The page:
Even for single-player games, stories are shared between friends on how a specific scenario was tackled and defeated or recounting moments in a particular game that had left a lasting impression. Gaming as an experience begs to be shared. This is why every moderately successful game has a community of gamers who participate in message boards related to the game. In fact, the quality of the community surrounding a game greatly affects the players’ enjoyment of the game. One of the main reasons behind the success of World of Warcraft is the size and how enthusiastic the community for the game is.

    I have had many strong friendships developed through gaming. All those hours of playing video games with my friends have solidified our friendships and we still retell stories about some of our greatest shared video game moments and continue to create new ones together.

    I am not here to tell you that there are no differences in life and video games. I will be the first to admit that when taken too far, games can be a serious distraction from real world responsibilities. While I may be biased because I turned my favorite hobby into a career and I owe so much to games, I am relating my personal experience that there are some valuable life lessons that can be taken away from playing video games. The most important thing is to set the right goals. How do you know your goal is a worthwhile goal? Ask yourself the question of “why you want to achieve this goal.” If your answer is strong enough, then you know that you have a worthy goal.

    Life is much more abstract than a game. There is no experience bar guiding and charting your success. Life is much less predictable and a definitive approach to success is not defined like in the game rules that are set down by a game designer. Setbacks in life and the consequences are much harsher, but games teach you to pick yourself up again and to strive for and to ultimately reach your goals by trying new strategies and having better execution. It provides you with a safe environment to experiment in which to fail and make mistakes. It allows you the ability to continually self-improve and to work together to accomplish what you could not do alone. These are lessons from games that translate into real life.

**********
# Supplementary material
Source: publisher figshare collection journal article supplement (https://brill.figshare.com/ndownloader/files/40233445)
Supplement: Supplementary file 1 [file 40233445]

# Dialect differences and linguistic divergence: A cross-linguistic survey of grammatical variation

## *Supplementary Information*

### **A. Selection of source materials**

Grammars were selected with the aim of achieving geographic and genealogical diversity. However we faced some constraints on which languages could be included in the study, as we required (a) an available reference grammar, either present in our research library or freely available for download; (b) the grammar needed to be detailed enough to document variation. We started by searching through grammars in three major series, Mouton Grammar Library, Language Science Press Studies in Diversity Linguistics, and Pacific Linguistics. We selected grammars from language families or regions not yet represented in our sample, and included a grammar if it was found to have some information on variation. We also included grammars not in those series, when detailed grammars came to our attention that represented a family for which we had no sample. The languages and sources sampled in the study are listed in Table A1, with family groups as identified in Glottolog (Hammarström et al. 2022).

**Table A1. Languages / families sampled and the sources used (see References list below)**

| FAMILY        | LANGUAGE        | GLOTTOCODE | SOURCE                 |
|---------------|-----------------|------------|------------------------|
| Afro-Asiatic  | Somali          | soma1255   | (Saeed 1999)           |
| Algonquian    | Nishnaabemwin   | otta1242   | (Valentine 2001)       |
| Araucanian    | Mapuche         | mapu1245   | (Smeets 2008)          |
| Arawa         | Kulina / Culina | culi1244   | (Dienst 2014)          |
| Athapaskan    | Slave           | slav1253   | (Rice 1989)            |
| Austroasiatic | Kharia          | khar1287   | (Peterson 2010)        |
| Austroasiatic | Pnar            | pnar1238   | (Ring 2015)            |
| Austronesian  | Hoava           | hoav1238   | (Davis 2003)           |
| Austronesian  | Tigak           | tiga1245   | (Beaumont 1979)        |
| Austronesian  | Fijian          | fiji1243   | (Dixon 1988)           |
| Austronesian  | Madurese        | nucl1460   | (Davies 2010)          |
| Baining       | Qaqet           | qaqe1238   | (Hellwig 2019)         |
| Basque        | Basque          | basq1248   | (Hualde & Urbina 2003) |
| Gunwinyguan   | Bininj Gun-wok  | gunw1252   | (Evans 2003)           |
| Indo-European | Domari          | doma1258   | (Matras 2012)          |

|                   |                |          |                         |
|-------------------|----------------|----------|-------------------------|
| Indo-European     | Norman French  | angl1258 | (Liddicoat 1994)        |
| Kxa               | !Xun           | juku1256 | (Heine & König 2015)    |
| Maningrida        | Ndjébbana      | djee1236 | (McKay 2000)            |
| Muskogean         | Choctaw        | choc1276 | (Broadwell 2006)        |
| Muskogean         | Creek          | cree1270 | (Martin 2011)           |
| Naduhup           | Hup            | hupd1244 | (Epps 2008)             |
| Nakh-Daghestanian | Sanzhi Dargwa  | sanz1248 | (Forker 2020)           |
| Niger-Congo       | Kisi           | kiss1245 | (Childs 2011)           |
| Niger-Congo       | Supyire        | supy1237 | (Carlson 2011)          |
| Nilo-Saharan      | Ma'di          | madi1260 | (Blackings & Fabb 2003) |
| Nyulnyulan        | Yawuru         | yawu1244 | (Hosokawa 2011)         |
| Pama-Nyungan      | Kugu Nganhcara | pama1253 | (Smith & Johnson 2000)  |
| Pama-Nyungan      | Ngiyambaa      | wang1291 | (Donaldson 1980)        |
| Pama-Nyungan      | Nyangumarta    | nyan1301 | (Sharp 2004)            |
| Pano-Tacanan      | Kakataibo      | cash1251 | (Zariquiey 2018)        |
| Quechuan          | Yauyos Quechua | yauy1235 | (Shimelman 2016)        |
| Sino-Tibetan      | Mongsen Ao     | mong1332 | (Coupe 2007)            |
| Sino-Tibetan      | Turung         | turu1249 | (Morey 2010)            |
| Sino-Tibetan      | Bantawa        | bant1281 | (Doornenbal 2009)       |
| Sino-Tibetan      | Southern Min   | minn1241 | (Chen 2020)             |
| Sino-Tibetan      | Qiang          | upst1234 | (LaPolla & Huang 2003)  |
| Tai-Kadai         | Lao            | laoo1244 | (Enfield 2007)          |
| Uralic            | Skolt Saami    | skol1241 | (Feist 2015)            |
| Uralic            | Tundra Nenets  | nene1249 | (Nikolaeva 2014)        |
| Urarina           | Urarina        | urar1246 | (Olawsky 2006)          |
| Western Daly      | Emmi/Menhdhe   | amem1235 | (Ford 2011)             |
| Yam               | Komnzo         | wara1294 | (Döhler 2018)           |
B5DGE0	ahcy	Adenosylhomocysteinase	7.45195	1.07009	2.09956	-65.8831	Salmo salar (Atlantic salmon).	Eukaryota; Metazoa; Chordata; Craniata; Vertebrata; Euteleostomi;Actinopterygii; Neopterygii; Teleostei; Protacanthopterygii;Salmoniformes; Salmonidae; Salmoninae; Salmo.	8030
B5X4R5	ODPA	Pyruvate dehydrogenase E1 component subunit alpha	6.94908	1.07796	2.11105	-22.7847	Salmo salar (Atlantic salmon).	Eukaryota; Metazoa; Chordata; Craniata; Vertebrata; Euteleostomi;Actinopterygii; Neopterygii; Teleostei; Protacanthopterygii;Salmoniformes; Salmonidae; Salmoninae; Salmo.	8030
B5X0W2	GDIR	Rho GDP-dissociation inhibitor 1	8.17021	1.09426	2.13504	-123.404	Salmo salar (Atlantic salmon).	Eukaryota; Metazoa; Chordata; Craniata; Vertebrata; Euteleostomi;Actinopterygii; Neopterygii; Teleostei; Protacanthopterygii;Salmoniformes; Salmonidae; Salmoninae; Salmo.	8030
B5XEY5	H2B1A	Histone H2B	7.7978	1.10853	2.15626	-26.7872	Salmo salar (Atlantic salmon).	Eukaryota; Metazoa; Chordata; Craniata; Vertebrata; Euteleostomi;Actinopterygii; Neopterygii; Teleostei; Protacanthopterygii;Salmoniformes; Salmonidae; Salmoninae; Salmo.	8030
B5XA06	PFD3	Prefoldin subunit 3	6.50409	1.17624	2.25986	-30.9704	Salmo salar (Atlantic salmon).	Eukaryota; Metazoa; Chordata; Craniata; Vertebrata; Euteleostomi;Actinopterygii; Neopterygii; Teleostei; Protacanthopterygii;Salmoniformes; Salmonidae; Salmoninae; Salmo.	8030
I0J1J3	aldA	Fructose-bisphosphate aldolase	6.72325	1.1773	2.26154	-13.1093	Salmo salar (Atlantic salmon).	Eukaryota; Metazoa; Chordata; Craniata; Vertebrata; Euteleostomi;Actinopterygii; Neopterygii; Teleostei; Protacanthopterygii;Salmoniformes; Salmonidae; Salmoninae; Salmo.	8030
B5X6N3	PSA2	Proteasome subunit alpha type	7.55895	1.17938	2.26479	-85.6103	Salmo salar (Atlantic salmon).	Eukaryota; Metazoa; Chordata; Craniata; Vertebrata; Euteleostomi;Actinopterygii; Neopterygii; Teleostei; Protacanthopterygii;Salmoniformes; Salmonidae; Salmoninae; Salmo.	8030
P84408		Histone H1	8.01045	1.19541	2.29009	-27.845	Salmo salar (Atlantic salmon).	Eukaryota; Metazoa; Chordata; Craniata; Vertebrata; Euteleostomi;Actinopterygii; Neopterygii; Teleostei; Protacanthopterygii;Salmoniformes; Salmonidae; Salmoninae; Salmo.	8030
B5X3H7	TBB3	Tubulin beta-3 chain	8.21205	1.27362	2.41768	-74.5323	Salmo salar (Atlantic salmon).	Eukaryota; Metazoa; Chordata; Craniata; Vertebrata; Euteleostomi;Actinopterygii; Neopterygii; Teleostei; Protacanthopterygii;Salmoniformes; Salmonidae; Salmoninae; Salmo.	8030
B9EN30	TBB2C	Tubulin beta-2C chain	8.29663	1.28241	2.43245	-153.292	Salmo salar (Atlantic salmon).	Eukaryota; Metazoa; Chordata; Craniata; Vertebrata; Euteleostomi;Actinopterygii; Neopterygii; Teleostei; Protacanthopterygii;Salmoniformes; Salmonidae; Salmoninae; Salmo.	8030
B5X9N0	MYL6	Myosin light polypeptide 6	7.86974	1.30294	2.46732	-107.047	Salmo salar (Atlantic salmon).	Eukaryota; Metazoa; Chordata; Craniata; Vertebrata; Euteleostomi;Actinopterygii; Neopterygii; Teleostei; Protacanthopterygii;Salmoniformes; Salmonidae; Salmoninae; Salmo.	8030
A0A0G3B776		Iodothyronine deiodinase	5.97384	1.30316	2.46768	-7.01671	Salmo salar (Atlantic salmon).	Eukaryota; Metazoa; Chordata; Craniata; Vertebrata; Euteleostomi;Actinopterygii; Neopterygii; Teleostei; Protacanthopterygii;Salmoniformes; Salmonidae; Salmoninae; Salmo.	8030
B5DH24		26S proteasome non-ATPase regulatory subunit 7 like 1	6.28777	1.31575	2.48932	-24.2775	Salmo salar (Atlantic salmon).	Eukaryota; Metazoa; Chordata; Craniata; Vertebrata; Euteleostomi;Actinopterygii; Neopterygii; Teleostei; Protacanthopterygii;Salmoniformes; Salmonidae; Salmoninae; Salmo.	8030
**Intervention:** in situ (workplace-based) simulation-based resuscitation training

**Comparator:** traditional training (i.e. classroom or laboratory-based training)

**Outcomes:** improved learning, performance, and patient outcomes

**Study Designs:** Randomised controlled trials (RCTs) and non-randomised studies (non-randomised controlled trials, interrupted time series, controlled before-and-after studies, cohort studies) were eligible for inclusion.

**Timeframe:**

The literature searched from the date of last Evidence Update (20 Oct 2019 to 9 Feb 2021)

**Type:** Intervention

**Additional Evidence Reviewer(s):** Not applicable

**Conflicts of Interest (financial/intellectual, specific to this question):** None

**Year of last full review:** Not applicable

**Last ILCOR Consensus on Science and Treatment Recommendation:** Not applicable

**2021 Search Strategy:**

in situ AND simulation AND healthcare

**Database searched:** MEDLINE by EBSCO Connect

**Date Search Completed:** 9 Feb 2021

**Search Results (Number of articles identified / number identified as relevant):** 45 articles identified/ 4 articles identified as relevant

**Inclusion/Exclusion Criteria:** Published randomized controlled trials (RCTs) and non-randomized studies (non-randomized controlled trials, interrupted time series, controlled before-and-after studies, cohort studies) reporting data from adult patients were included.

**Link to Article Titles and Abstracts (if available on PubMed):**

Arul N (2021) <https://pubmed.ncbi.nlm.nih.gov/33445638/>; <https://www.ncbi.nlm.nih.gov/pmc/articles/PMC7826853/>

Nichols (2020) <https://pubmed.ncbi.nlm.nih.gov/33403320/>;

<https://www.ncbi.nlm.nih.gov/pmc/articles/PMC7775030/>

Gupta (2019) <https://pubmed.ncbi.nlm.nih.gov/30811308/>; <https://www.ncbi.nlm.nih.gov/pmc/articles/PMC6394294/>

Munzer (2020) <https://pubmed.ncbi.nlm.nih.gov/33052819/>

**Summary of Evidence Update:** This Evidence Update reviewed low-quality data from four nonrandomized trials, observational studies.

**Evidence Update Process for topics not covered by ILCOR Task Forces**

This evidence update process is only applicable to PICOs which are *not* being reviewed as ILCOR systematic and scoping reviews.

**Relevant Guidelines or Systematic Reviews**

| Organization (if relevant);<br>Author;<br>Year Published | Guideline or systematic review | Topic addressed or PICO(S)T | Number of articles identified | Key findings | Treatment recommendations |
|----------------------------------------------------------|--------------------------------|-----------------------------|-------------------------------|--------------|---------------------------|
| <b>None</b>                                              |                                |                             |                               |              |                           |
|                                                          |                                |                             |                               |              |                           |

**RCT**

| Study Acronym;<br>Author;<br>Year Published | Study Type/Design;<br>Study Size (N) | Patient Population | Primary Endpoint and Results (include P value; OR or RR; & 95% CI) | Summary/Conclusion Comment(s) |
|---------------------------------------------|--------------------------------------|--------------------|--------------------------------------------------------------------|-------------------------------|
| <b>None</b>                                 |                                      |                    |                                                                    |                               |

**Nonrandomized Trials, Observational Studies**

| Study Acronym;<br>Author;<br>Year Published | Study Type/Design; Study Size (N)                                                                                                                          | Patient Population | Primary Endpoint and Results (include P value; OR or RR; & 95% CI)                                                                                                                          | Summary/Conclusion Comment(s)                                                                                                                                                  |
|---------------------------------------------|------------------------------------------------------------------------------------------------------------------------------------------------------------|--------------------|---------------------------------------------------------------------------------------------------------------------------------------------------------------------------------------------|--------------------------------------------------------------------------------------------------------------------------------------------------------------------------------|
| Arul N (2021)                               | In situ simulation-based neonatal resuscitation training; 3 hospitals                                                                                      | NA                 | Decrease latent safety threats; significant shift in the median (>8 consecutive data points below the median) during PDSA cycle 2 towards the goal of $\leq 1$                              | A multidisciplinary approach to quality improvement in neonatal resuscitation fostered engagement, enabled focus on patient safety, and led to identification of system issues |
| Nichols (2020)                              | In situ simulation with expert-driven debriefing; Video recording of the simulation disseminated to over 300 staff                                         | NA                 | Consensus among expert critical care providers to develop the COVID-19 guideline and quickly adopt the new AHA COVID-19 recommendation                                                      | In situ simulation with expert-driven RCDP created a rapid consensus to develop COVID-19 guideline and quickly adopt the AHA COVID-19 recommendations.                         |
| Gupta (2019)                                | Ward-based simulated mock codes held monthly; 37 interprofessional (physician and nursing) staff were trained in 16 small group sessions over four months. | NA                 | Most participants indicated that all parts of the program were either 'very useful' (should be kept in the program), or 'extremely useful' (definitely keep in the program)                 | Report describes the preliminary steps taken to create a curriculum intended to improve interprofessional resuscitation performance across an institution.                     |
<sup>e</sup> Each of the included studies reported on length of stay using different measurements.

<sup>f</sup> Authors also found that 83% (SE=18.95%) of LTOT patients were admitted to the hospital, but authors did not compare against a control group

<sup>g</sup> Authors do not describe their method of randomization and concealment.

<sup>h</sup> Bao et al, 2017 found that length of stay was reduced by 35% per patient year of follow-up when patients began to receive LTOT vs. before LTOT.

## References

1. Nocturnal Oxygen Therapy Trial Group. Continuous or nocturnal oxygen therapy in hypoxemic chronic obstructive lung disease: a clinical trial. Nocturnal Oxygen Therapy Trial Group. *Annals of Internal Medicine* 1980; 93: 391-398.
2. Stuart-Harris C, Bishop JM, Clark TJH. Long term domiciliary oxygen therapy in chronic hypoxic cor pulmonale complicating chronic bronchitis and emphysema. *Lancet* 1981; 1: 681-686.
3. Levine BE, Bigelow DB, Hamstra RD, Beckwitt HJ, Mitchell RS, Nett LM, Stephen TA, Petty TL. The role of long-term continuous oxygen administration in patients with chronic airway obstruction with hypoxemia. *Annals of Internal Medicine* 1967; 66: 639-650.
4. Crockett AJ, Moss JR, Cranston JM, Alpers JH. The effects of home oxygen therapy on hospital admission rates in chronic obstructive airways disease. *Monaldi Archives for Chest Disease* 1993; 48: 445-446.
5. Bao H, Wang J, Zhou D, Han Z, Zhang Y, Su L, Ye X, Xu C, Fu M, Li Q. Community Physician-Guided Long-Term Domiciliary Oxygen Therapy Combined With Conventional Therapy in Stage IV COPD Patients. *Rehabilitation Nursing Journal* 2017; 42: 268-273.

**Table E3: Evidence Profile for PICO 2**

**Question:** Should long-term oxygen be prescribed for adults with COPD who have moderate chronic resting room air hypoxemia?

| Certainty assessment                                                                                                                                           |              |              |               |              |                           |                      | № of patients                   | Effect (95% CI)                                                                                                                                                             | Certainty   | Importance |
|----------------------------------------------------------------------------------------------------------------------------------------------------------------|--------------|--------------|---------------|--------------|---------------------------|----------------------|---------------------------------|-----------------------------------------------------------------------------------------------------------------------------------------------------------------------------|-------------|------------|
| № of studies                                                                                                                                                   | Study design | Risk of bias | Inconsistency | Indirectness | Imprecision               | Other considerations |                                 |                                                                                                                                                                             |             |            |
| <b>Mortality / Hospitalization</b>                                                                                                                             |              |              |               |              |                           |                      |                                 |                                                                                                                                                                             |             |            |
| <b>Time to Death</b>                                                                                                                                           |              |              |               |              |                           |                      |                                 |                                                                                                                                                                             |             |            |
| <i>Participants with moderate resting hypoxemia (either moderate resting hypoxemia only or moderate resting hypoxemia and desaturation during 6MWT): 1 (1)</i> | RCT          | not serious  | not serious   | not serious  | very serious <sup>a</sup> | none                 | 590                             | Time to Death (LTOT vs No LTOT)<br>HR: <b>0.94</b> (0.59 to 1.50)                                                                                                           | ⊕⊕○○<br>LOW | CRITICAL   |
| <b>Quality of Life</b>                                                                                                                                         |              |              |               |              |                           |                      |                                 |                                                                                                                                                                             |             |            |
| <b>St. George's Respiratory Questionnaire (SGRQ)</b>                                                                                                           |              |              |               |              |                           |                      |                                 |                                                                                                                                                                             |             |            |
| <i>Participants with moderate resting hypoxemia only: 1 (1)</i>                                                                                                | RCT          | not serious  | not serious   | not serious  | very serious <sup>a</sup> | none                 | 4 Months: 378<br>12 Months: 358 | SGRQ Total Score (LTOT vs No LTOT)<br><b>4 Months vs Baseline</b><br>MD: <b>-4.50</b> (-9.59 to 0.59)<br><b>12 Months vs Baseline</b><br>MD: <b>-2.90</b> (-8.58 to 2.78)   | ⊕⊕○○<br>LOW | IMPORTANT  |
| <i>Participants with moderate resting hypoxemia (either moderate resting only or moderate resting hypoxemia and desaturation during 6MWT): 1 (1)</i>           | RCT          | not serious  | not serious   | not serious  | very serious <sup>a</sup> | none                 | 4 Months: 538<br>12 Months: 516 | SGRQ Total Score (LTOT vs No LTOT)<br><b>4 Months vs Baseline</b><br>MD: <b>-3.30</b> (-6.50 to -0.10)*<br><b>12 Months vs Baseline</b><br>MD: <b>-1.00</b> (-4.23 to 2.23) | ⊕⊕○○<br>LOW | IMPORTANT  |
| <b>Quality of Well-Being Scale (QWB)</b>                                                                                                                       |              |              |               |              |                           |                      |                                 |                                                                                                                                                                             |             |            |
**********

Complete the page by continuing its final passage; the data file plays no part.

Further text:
See my other related articles:
    8 Ways to Make Your Goal a Certainty
    Become a Video Game Designer: Everything You Need to Know Part 1
    Low Skill Cap and Luck (RNG) in World of Warcraft PVP
    Best Games of All Time by Genre Part 1
    10 Greatest Video Game Designers Part 1
    Roger Ebert is Right: Games are Not High Art…Yet
    What’s Bad About Call of Duty 4: Modern Warfare Multiplayer Mode?
    Call of Duty: World at War Through the Eyes of a Game Designer
    Gears of War 2 Through the Eyes of a Game Designer
    Dead Space Through the Eyes of a Game Designer
    Top 5 Greatest Moments in Competitive Gaming (eSports)
    8 of the Most Underrated or Overlooked Video Games of All Time
    Best MMA Fights & Genki Sudo: Real Life Video Game Character

    Tags: , , , , , , , , , , , , , , , , , , , , , , , , , , ,
    Posted in Video Games, life, motivation | No Comments »

    Tony Huynh Recommends

    Wednesday, December 17th, 2008

    If you are still looking for some gifts or something for yourself, here are my recommendations for games and books that I have enjoyed. I’ll be updating this list from time to time as I think of more stuff to include.

    Video Games
    Xbox 360 Pro Console
    Xbox 360 Live 13 month Gold subscription
    Bioshock X360 l PS3 l PC
    Gears of War 2 l Read my review
    Dead Space X360 l PS3 l PC l Read my review
    Call of Duty 4: Modern Warfare X360 l PS3 l PC
    Call of Duty: World at War X360 l PS3 l PC l Read my review
    Guilty Gear XX Accent Core PS2 l Wii
    Bioshock X360 l PS3
    The Orange Box X360 l PS3 l PC
    SoulCalibur 4 X360 l PS3
    World of Warcraft: Wrath of the Lich King
    Baldur’s Gate 2: Shadows of Amn
    Oblivion X360 l PS3 l PC
    Psychonauts Xbox l PS2
    God of War
    God of War 2
    Resident Evil 4 PS2 l Wii
    Civilization 4
    Chrono Trigger DS
    Diablo 2

    Fiction Books
    Heroes Die by Matthew Woodring Stover
    Dune by Frank Herbert
    Legend by David Gemmell
    Stardust by Neil Gaiman l Read my review

    Graphic Novels
    Blankets by Craig Thompson l Read my review
    Sin City by Frank Miller
    Thieves and Kings by Mark Oakley
    Strangers in Paradise by Terry Moore

    Books on Life
    Tao of Jeet Kune Do by Bruce Lee l Read my review
    How to Win Friends & Influence People by Dale Carnegie
    The 7 Habits of Highly Effective People by Stephen R. Covey

    Investing & Business Books
    The Intelligent Investor by Benjamin Graham
    One Up on Wall Street by Peter Lynch
    Unlimited Wealth: The Theory and Practice of Economic Alchemy by Paul Zane Pilzer
    Art of War by Sun Tzu
    The World is Flat by Thomas L Friedman
    Good to Great by Jim Collins
    Built to Last by Jim Collins

    Tony Huynh Amazon Search

    Tags: , , , , , , , , , , , , , , , , ,
    Posted in Books, Investing, Video Games, life, motivation | No Comments »

    Why and How I Broke My Addiction to Caffeine